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Become A Nurse: Job Opportunities Abound

By Candice Mancini
Published on March 25, 2010.

Job Duties

Nurses nurture and care for those who are sick or injured. Though there are many different kinds of nurses, this article focuses on two major categories of nurses: Registered Nurses (RNs) and Licensed Practical Nurses (LPNs), also called Licensed Vocational Nurses (LVNs). There are some overlapping duties between RNs and LPNs, including administering medications, starting intravenous fluids, collecting fluid samples for testing, and developing and implementing healthcare plans. Yet RNs typically carry more authority than LPNs.

Specifically, other job duties of RNs include:

  • Monitoring, assessing, and documenting symptoms in patients
  • Helping doctors with examinations or assisting during operations
  • Identifying and treating basic illnesses and injuries
  • Prescribing medications (depending on state laws)
  • Supervising other nursing staff

RNs who are head nurses or nurse supervisors might also supervise other RNs and plan work schedules and assign duties.

Although some duties of the LPN often overlap with RN's duties, LPNs often handle more basic patient care duties, including:

  • Providing basic bedside care, including taking vital signs and monitoring diet and fluids
  • Feeding patients who need assistance
  • Helping patients with bathing and dressing
  • Supervising nurses' aides

Both RNs and LPNs job duties can depend on their work settings: nurses in hospitals, physicians' offices, nursing homes, and home health services can have very different job descriptions and duties.

Job Skills

Nurses should be empathetic, caring, nurturing individuals. Nurses must also be detail-oriented and have the ability to think on their feet. Strong observational and communication skills are also important. Of course, nurses also need the ability to work with the sick, injured, and elderly.

Especially for those who plan to enter supervisory roles, strong leadership and management skills are also required. Even if not acting in a supervisory job position, RNs often supervise LPNs, and LPNs often supervise nurses' aides.


According to the U.S. Department of Labor's Bureau of Labor Statistics (BLS), the median 2008 salary for RNs was $62,450, or $30.03 per hour. For LPNs, it was $39,030, or $18.77 per hour. Salaries also varied by work setting. For both RNs and LPNs, employment services paid the highest mean salary: $69,110 for RNs and $44,860 for LPNs. For RNs, hospitals were the second-highest paying employer, paying a mean salary of $66,490. Hospitals were the fourth highest-paying employers for LPNs, following nursing homes ($41,660) and home health care services ($41,410).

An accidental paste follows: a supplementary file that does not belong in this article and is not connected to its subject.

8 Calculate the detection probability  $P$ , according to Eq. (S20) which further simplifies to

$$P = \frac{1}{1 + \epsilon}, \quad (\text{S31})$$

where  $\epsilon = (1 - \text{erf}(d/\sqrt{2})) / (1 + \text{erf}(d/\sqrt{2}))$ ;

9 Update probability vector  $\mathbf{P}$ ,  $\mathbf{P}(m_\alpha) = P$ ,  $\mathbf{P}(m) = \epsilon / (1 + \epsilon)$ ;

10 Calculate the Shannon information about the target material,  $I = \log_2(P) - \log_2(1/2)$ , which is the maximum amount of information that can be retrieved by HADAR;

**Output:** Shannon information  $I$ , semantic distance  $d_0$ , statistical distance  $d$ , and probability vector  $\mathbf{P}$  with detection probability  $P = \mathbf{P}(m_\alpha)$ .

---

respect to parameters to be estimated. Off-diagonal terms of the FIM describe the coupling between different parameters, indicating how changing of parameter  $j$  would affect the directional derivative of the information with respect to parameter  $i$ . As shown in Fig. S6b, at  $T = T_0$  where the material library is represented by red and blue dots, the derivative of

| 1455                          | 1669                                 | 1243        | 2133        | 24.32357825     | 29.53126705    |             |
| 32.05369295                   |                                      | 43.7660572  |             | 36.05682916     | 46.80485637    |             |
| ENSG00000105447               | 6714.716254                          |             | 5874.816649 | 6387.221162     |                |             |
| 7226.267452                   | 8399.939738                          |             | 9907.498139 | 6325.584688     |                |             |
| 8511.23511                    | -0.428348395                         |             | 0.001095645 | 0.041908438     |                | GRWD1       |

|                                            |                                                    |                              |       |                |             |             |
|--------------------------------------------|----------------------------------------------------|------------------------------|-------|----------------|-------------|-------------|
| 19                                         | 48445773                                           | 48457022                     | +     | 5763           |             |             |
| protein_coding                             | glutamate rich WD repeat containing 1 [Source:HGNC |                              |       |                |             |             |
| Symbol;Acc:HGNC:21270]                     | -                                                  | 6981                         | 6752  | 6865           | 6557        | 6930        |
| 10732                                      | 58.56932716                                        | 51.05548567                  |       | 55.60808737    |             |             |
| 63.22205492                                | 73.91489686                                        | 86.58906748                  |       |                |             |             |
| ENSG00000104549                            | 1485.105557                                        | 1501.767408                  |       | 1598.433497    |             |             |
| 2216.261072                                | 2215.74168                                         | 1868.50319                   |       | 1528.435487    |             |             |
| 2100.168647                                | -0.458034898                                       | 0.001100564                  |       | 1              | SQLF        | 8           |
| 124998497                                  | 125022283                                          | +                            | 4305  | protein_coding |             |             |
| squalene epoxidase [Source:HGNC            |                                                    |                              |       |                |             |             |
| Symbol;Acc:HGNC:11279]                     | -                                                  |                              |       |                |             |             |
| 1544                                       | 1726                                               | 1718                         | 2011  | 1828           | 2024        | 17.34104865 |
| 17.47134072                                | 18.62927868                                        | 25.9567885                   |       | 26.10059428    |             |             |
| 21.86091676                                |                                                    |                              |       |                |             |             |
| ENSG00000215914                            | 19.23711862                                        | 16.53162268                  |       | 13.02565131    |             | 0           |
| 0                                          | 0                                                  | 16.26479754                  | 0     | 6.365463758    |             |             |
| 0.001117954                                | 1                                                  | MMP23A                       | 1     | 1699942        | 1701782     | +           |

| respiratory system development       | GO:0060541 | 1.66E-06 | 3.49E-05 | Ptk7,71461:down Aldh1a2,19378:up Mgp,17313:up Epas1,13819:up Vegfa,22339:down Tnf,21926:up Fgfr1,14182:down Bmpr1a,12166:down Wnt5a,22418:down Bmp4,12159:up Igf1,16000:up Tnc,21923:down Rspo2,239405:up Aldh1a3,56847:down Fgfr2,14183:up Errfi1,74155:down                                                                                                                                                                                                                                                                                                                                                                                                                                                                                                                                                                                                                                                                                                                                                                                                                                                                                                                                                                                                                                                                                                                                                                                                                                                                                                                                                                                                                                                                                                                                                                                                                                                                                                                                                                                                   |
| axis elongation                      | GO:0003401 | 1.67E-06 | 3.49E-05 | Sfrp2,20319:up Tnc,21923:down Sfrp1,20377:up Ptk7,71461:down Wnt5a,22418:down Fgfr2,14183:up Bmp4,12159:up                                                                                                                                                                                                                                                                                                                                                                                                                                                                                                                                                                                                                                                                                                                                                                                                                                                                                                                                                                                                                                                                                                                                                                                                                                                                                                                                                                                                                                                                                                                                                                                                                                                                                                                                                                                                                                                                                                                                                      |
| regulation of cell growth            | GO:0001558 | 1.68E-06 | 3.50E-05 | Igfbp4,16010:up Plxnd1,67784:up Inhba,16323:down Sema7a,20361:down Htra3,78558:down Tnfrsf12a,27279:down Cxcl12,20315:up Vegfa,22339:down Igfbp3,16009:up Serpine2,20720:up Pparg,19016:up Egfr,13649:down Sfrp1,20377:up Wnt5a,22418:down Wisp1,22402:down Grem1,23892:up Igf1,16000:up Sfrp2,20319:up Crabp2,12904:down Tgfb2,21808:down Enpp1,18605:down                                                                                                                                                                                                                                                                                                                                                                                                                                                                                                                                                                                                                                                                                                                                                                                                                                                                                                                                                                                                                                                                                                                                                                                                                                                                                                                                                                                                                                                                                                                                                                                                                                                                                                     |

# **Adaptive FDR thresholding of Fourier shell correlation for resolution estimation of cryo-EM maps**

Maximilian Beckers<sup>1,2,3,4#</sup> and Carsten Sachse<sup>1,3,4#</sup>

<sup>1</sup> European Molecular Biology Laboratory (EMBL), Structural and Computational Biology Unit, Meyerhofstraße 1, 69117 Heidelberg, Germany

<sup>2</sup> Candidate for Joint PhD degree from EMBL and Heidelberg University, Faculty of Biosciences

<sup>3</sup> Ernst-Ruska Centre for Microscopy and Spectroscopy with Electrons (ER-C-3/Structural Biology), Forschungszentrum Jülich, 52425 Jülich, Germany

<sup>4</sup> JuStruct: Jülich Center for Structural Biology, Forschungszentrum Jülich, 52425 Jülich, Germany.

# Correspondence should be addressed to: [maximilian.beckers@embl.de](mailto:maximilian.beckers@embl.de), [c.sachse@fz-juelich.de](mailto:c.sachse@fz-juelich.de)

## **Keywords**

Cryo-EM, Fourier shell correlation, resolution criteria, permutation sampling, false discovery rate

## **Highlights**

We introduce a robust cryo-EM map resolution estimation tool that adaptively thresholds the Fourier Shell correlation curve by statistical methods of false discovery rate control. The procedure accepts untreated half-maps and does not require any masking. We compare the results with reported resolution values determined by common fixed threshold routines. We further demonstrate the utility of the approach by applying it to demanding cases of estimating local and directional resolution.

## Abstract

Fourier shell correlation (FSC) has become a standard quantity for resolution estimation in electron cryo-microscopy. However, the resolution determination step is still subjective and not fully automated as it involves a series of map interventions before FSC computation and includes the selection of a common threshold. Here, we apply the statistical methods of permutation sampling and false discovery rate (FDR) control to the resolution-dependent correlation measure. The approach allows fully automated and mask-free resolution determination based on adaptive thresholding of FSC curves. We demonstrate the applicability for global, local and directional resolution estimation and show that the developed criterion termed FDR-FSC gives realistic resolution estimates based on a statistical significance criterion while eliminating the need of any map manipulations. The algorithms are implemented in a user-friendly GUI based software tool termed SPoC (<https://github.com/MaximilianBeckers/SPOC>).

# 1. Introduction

Training and Education

To become a Registered Nurse, you must complete one of three educational programs (after earning a traditional or online high school diploma): a bachelor's of science degree in nursing (BSN), an associate's degree in nursing (ADN), or a diploma. BSNs generally require four years to complete and are offered at universities and colleges. ADNs usually take two to three years to complete, and are offered at community or junior colleges. Diploma programs usually take three years to finish and are offered through hospitals. Diploma programs are decreasing in favor of bachelor's and associate's degree programs.

LPN training programs usually take about one year to complete, and are offered by vocational or technical schools or community or junior colleges.

Both RNs and LPNs must also pass the NCLEX licensing exam in order to obtain their nursing licenses.


Jobs for both RNs and LPNs can be found in hospitals, doctors' offices, home health care services, employment services, and nursing homes. According to the BLS, the largest employer for RNs in 2008 were hospitals, while for LPNs, it was nursing homes.

Job Outlook

The BLS predicts excellent job opportunities for nurses. Between 2006 and 2016 the BLS projects a 23 percent increase in jobs for RNs and a 14 percent increase for LPNs. For RNs, the largest area of growth is expected to be in doctors' offices and home health care services. For LPNs, growth areas include home healthcare services and nursing homes.

About the Author
Candice Mancini is a freelance writer and a teacher of AP English literature and college writing. She has an M.A. in Education and a B.A. in English and history.
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